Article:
Talk has been circulating around the Loyola boys lacrosse team this season that the defense could go down as one of the all-time best.
Even Loyola head coach Rob Snyder said the unit is on pace to have a special place in program history.
“It’s very, very good,” he said. “Our athleticism, and the pressure we can put on teams makes us good. The guys are fast and fly around the field. They make it very difficult for teams to score.”
The easiest indicator of a defense’s effectiveness is how many goals it allows. Through eight games, the Ramblers (5-3) have surrendered 47 goals or an average of 5.9 per game. But 38 of those goals came against three top-tier teams on the East Coast. Against five in-state opponents, Loyola has given up an average of 1.8 goals.
“Our goal as a defense is to make a team work to score goals, to pass it six, seven, eight, nine, 10 times before they think about taking a shot,” Snyder said. “We want to make it ridiculously hard to score against us.”
Senior Bryan Giella said he considers what the defense is doing a product of the team’s success as a whole.
“[Assistant] coach [Brian] Rynes has told us we have something special,” Giella said. “I think it comes down to our team chemistry. Our defense feeds off of how well are offense does, how well they possess the ball. They help make us look good.”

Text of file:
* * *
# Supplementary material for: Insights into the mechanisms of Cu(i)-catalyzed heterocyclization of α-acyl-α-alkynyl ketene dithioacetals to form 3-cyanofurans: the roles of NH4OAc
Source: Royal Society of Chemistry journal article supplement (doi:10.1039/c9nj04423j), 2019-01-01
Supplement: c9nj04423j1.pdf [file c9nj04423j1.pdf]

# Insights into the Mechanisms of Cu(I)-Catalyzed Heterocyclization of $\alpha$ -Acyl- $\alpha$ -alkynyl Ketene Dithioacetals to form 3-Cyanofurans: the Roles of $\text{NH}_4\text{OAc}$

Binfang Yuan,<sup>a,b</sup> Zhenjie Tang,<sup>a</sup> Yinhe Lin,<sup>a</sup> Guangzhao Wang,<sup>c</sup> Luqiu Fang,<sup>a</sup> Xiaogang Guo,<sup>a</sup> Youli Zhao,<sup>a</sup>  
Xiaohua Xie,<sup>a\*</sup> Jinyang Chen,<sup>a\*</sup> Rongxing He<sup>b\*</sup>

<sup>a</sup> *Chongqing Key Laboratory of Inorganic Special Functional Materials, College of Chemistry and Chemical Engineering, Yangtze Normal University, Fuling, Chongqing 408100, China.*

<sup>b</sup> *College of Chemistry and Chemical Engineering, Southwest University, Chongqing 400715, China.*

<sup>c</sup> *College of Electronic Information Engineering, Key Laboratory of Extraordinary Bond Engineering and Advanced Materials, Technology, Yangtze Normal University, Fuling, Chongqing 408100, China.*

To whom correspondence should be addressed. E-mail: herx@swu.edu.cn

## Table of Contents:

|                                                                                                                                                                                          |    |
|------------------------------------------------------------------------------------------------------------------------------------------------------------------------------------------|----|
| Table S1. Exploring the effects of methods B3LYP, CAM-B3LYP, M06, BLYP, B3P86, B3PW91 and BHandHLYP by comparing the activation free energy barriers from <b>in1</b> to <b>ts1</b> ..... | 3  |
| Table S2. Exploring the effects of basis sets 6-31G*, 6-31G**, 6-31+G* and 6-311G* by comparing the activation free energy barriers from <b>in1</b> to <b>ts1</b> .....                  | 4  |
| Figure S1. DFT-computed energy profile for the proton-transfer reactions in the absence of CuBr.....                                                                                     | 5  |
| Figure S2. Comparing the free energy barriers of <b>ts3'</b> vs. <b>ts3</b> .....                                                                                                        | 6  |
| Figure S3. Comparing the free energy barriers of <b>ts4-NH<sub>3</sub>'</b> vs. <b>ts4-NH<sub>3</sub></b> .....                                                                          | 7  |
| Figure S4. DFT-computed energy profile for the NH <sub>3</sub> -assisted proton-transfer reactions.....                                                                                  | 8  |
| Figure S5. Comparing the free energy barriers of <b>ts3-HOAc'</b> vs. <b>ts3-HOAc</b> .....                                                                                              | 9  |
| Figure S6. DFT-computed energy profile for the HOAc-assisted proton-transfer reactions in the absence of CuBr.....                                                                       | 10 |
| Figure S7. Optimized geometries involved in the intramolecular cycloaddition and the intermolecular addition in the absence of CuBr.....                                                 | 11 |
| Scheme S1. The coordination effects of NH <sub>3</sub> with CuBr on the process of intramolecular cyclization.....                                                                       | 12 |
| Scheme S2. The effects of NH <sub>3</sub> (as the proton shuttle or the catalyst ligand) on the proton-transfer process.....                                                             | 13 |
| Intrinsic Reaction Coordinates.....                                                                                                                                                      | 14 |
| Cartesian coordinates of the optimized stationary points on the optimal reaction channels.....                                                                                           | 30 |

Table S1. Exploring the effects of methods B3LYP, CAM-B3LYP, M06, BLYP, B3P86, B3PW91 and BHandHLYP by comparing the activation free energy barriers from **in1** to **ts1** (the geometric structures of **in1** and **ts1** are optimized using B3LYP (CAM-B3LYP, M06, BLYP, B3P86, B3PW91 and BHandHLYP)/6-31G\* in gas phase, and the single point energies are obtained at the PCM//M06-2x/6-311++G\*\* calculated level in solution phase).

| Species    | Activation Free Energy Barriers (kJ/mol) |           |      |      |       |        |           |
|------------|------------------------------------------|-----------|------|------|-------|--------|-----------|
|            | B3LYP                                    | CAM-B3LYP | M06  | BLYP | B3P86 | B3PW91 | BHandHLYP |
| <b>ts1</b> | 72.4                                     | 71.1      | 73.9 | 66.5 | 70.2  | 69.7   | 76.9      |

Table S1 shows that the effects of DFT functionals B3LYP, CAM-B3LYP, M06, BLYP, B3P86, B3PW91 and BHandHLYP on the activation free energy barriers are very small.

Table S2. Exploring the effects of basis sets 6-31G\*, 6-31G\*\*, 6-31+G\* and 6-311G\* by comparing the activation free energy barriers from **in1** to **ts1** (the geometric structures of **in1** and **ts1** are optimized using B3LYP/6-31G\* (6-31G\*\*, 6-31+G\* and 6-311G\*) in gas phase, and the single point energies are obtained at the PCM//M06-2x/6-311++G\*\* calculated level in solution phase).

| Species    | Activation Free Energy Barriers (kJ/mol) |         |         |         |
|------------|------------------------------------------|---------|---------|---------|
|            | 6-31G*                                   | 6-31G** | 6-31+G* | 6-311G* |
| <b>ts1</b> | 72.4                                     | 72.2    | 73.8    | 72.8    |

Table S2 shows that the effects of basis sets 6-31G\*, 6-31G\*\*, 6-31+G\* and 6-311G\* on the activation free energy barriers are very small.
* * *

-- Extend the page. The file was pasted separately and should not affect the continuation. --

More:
An example of that occurred during Loyola’s 13-1 win over Lake Forest on April 8. While the Ramblers allowed one goal, the Scouts rarely had the ball.
Nevertheless, Loyola’s defense has made it difficult for opposing offenses to create scoring opportunities. It’s a guiding principle of Snyder’s defensive philosophy.
“An offense wants to work the ball around and wait for the defense to get lazy,” said senior and Marquette-bound Kyle Koch, a four-year varsity starter and two-time All-American. “We take it to them first. We don’t allow a team into its offense. We want to dictate what they do.”
Giella said the defense’s best preparation is Loyola’s offense, which averages 12.4 goals a game.
“If we get complacent in practice, they will whoop our butts,” he said. “That we have to go hard every day in practice makes playing in games easier.”
Loyola has used a rotating cast of players on defense that include Giella and Koch (pictured above) — both of whom are close defensemen — senior close defenseman Graham Repp, senior close defenseman Ian Swenson, junior long stick middie Luca Lazzaretto, sophomore long stick middie Cooper Prawdzik, senior defensive middie Phillip Ellerman and junior defensive middie Kyle McGarvey.
Securing a spot in Loyola lore isn’t on the minds of Giella and Koch, at least not right now. They are more focused on the present. The rest will take care of itself, according to Giella.
“Any time you’re on the field, you always want to be great, you want to succeed,” Giella said. “That’s our goal every time we go out to play.”
Photo credit: Melissa Krein/Loyola